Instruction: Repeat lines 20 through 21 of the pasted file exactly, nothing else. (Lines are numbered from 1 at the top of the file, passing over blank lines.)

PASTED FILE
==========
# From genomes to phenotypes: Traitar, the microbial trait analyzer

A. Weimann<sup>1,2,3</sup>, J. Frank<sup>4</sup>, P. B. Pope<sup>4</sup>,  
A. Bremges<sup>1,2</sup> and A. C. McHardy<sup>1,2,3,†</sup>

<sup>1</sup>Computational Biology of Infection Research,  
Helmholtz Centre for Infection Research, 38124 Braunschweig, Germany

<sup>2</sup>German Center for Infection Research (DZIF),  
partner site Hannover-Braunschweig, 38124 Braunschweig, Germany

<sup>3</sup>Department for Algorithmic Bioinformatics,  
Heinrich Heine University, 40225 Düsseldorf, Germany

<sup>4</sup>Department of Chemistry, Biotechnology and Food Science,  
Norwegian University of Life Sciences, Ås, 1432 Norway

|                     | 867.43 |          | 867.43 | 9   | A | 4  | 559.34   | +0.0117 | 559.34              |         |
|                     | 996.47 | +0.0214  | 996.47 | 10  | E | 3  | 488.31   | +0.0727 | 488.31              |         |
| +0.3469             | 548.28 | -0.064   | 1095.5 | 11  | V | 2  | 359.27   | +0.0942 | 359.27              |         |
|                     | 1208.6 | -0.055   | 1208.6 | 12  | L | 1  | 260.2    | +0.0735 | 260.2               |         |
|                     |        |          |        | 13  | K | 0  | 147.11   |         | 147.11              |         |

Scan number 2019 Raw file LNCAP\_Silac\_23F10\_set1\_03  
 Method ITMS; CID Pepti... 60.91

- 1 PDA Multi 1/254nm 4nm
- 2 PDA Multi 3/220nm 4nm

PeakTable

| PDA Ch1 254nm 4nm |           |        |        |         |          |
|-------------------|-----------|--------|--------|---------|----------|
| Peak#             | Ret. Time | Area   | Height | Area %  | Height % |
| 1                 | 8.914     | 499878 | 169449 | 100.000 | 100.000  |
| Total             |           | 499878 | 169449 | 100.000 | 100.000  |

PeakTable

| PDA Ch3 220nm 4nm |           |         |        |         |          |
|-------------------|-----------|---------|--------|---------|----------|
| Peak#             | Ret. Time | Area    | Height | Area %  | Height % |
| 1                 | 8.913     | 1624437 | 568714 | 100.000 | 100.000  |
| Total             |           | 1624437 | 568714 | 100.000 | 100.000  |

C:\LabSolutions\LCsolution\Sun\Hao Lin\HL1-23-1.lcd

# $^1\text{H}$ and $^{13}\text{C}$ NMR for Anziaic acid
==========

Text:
- 2 PDA Multi 3/220nm 4nm

PeakTable